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Stronger economic outlook boosts pension funds, SWFs
A STRONGER world economy boosted public pension fund, sovereign fund and central bank assets to US$33.5 trillion at end-2016, up 1.4 per cent from a year ago, according to a think tank that tracks the performance of these large public investors.
And amid uncertainty over the extent of reflation after a period of "extraordinarily loose" monetary policies, pension funds and sovereign wealth funds are still on the prowl for yield through "real assets" that have now extended beyond property into green financing, said OMFIF, a London and Singapore-based think tank.
The data looked at the performance of 750 public institutions in the world, with their AUMs representing about 45 per cent of the world's GDP. The list has 165 central banks, 92 sovereign funds and 493 public pension funds.
The net increase of US$475 billion across these ranked global public investors marks a turnaround from the previous year, when total assets fell by US$749 billion, or 2.2 per cent. Asia Pacific remains the largest region by assets under management (AUMs), with US$12.7 trillion, making up 37.9 per cent of the total, according to data from OMFIF.
The region has the largest public investment institutions, with four in the top 10 from China and Japan. The four are the People's Bank of China (PBOC), the Bank of Japan - which would includes assets of the Ministry of Finance - the Japan's Government Pension Investment Fund and the China Investment Corporation.
GIC is estimated to be the 10th largest global public investor in the Asia-Pacific and the 24th largest worldwide, with assets as at end-2016 estimated at US$350 billion. Temasek Holdings is ranked as the 28th largest global public investor in the world, with assets estimated at about US$300 billion.
Overall figures showed that the increase in assets was largely lifted by performance of pension funds, which had their assets rise by US$435 billion. The stronger performance reflects upward revision of growth forecasts, and greater emphasis on fiscal policies that may raise employment, consumption and inflation, the think tank said.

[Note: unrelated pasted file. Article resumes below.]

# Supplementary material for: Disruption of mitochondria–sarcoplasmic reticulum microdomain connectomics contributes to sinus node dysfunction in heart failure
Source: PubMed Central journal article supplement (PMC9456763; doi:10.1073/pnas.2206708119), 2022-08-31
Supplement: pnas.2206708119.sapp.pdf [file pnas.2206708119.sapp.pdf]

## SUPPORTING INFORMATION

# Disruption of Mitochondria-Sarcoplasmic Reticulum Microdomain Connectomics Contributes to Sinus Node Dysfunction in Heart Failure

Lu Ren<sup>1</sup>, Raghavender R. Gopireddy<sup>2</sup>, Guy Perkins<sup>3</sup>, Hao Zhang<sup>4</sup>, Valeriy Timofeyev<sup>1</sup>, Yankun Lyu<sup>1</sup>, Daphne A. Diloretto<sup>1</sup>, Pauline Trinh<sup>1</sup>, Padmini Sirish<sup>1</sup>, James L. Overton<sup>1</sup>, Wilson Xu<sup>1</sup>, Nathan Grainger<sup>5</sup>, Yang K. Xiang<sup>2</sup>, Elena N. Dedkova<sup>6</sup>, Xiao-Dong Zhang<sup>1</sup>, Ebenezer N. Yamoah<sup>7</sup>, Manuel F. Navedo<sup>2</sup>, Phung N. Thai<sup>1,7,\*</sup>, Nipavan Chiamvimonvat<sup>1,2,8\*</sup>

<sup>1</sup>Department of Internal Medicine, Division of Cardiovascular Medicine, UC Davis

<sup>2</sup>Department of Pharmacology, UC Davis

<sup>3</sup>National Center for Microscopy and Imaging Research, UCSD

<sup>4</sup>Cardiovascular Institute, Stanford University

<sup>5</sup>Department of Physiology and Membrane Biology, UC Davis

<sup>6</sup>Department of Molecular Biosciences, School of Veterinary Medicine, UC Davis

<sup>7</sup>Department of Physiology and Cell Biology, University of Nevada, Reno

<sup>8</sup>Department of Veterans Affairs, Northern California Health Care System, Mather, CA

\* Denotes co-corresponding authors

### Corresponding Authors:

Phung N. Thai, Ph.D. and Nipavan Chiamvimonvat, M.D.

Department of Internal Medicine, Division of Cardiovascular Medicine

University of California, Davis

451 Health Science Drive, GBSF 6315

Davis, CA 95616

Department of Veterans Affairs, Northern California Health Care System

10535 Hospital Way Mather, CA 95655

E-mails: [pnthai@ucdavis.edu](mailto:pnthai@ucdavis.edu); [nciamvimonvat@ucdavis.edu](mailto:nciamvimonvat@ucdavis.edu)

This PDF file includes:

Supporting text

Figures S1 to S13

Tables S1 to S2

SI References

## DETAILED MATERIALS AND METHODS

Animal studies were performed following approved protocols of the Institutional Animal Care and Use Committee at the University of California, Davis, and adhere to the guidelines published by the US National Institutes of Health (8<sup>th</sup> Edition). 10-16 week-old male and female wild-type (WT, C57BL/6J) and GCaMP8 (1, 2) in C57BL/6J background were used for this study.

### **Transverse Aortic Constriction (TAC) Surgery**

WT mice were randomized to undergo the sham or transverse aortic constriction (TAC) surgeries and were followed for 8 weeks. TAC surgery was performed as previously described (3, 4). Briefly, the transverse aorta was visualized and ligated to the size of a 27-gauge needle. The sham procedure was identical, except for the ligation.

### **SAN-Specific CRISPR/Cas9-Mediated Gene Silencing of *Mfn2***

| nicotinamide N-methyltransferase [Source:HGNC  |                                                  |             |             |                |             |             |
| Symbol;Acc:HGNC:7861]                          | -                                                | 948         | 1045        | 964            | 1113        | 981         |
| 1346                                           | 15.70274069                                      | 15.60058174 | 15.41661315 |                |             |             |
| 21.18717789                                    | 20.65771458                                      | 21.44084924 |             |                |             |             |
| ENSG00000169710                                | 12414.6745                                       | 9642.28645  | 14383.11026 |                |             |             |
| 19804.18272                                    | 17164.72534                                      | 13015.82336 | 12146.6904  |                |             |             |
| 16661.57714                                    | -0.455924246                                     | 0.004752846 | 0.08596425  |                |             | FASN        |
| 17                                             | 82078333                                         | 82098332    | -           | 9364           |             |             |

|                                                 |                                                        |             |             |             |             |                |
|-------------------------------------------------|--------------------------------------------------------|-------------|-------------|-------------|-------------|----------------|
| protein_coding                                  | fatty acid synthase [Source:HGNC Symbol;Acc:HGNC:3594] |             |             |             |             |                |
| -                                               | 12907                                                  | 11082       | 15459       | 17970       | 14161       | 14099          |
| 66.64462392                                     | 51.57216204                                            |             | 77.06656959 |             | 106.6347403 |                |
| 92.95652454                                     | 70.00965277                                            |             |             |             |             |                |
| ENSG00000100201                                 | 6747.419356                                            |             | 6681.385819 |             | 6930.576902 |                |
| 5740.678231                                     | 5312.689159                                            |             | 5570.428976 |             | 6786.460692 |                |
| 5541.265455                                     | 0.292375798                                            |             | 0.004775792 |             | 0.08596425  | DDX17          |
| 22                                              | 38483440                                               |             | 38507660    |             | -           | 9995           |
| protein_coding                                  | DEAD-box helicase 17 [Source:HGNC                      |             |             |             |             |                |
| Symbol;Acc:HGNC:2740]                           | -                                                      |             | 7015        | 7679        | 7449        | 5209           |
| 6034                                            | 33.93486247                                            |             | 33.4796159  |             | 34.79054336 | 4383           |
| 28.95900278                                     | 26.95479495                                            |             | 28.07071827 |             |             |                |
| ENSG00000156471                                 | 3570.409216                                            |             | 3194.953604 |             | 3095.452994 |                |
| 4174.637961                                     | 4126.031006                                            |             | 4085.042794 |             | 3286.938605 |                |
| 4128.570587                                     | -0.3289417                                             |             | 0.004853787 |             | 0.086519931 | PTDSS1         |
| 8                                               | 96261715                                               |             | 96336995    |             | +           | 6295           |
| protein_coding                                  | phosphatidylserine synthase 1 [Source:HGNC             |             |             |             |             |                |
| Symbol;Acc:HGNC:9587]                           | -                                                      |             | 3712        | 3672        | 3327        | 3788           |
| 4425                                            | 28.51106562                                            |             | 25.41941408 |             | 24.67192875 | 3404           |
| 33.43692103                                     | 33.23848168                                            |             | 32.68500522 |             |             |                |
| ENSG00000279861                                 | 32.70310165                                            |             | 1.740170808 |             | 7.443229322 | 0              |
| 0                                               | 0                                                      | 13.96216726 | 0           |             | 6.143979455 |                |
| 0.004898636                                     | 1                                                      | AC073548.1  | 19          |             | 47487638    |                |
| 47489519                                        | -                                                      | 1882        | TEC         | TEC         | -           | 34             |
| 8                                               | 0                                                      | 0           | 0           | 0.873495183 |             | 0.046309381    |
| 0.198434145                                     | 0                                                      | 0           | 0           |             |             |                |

Central banks showed the biggest decline among public investors, with their total asset value falling by US$103 billion in total. Central banks have, for the third straight year, been responsible for most of the reductions. The PBOC is still the biggest global public investor by assets; it also suffered the largest decline of US$307 billion in 2016 from a year ago.
For Asian central banks, the decline partly reflects the pressures facing the region's currencies as a result of capital outflows, concerns about Chinese growth and the stronger dollar. "In some cases, these pressures required foreign reserves to be used for stabilisation, while the rising dollar saw the value of non-dollar reserve assets fall," the report said.
It added that in particular, the PBOC had used some funds to finance projects in the Belt and Road initiative, while many countries in the region sought to pay down their debts as the dollar rose, contributing to the fall in their assets.
Looking ahead, the think tank noted that after a "protracted period of extraordinarily loose monetary policy" to support economic recovery in the wake of the financial crisis, policy-makers in the world's major central banks are considering gradually raising interest rates. "This will create opportunities as well as problems for global public investors, with the exit from unconventional policies expected to be unconventional in its own right," it said.
"The shift in US policy towards fiscal expansion under President Donald Trump is expected to create some inflationary pressures for the global economy, although questions remain over the feasibility of these plans. Structural factors such as weak demographics are expected to keep any increases in inflation and interest rates gradual and constrained."
Such uncertainty has incentivised investors' continued search for "real assets" with higher yields than conventional market instruments.
Public investors remain attracted to real estate, in part because of the low returns on bonds. "As equity markets adjust to the 'Trump bump', which inflated stocks and the dollar in late '16 and early '17, and prices possibly trending downwards, the relative performance of real estate is expected to improve," the report added.
Over the next 12 months, 23 per cent of respondents polled by OMFIF are planning to increase their allocations to real estate by up to 3 per cent of their current real estate portfolio.
The asset allocation survey - which polled 31 global public investors from around the world that hold total assets of US$4.21 trillion - also showed that 38 per cent of respondents plan to increase green bond investments, while 35 per cent plan to invest in renewables over the next 12 to 24 months.
"Investments in green equity, fixed income and alternative vehicles represent one way for public investors to achieve adequate returns while meeting low-carbon requirements. Yet, green finance remains beset by challenges, including over bond issue standardisation," OMFIF said.
Over the next 12 months, 29 per cent of respondents are also planning to increase their exposure to financials, 23 per cent are raising their investments in energy, and 22 per cent in telecommunications.